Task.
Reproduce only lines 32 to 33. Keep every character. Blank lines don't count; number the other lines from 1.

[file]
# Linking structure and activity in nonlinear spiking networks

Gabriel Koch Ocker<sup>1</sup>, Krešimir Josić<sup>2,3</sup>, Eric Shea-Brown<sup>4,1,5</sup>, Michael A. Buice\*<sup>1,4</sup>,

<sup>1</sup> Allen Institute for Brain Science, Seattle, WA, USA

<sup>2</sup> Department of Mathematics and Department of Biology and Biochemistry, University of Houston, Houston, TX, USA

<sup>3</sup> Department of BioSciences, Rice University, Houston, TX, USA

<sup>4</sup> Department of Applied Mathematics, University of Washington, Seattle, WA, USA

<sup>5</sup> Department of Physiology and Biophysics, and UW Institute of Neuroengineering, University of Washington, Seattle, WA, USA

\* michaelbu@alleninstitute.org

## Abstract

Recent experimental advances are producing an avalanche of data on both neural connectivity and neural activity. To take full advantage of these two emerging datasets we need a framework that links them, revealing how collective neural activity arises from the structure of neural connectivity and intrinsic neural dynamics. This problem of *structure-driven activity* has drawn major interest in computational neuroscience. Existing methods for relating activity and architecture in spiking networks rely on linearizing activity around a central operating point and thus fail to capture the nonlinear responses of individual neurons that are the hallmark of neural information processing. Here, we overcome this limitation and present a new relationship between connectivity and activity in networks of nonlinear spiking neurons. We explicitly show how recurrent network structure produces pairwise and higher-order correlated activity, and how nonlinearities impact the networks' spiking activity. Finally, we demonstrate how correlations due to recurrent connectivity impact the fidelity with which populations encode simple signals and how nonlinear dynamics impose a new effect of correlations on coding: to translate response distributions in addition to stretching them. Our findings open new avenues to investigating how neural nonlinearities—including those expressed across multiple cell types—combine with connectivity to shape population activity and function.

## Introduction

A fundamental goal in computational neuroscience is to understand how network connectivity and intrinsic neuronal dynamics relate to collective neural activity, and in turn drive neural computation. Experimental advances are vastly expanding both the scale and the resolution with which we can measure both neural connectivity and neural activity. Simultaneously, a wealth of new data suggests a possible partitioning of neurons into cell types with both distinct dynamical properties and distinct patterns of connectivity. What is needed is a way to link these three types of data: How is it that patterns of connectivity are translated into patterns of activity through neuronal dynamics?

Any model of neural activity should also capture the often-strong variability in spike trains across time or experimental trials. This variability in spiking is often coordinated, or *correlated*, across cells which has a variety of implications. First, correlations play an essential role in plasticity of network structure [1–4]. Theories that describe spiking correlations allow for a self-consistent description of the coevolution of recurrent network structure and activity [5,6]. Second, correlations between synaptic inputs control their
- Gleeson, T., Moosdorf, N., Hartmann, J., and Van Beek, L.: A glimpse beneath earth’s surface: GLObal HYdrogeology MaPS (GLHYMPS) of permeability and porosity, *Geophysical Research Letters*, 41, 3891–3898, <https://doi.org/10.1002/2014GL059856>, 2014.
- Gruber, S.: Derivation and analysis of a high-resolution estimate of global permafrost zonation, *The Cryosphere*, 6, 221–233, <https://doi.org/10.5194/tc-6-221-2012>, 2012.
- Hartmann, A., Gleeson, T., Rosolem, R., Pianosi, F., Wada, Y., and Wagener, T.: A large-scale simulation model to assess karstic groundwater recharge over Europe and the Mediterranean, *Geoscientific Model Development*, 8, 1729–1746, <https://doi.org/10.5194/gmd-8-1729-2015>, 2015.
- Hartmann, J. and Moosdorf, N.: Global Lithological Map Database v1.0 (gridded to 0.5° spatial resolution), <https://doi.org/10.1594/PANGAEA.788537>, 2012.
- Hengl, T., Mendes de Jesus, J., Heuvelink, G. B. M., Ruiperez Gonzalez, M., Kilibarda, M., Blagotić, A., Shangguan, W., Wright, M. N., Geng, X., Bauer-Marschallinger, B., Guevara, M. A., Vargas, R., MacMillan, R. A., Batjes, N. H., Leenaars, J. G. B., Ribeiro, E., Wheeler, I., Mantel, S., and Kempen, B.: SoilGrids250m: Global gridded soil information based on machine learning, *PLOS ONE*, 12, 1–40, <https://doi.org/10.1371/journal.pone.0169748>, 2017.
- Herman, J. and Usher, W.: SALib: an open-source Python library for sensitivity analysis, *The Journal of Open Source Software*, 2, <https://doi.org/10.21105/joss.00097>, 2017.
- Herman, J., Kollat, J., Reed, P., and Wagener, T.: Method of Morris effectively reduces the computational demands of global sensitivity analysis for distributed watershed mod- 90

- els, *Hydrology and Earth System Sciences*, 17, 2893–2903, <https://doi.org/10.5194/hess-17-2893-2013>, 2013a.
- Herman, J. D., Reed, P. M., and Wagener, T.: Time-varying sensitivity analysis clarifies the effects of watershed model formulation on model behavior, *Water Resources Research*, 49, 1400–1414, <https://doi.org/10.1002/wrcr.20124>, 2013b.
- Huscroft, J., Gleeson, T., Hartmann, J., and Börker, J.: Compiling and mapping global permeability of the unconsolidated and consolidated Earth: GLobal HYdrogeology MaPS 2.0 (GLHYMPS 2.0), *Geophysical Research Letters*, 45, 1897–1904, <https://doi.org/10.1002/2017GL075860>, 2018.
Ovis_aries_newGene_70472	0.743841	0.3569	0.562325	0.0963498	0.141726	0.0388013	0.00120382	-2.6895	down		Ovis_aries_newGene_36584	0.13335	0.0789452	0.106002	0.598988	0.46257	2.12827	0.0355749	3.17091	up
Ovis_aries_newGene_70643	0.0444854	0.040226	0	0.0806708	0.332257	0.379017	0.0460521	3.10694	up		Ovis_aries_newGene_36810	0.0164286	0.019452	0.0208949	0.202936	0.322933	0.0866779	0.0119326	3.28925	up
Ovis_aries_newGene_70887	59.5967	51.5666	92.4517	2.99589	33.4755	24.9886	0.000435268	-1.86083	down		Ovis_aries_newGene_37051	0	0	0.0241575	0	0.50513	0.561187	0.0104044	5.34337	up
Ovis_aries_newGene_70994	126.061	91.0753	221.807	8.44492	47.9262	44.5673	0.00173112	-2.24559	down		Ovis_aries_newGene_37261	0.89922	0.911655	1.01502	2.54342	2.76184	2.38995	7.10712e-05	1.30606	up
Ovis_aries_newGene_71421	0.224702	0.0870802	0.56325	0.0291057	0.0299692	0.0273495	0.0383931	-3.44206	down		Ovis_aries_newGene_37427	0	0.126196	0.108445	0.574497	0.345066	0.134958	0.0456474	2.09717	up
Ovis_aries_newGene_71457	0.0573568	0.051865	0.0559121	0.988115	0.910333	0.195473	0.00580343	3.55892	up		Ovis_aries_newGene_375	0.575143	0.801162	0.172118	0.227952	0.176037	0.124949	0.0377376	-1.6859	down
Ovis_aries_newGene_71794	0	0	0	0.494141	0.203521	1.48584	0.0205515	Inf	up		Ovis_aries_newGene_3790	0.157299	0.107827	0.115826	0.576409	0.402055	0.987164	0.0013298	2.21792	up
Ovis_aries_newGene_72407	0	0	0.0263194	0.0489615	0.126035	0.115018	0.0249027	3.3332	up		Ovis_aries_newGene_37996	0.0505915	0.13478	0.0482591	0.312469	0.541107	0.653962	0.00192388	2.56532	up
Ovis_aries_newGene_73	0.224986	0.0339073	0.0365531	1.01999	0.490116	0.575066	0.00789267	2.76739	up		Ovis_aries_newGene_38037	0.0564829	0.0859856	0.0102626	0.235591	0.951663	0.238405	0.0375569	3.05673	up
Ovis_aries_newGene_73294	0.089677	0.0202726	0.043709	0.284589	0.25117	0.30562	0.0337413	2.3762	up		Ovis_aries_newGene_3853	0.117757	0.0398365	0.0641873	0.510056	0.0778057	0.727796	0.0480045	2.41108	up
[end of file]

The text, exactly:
Ovis_aries_newGene_73	0.224986	0.0339073	0.0365531	1.01999	0.490116	0.575066	0.00789267	2.76739	up		Ovis_aries_newGene_38037	0.0564829	0.0859856	0.0102626	0.235591	0.951663	0.238405	0.0375569	3.05673	up
Ovis_aries_newGene_73294	0.089677	0.0202726	0.043709	0.284589	0.25117	0.30562	0.0337413	2.3762	up		Ovis_aries_newGene_3853	0.117757	0.0398365	0.0641873	0.510056	0.0778057	0.727796	0.0480045	2.41108	up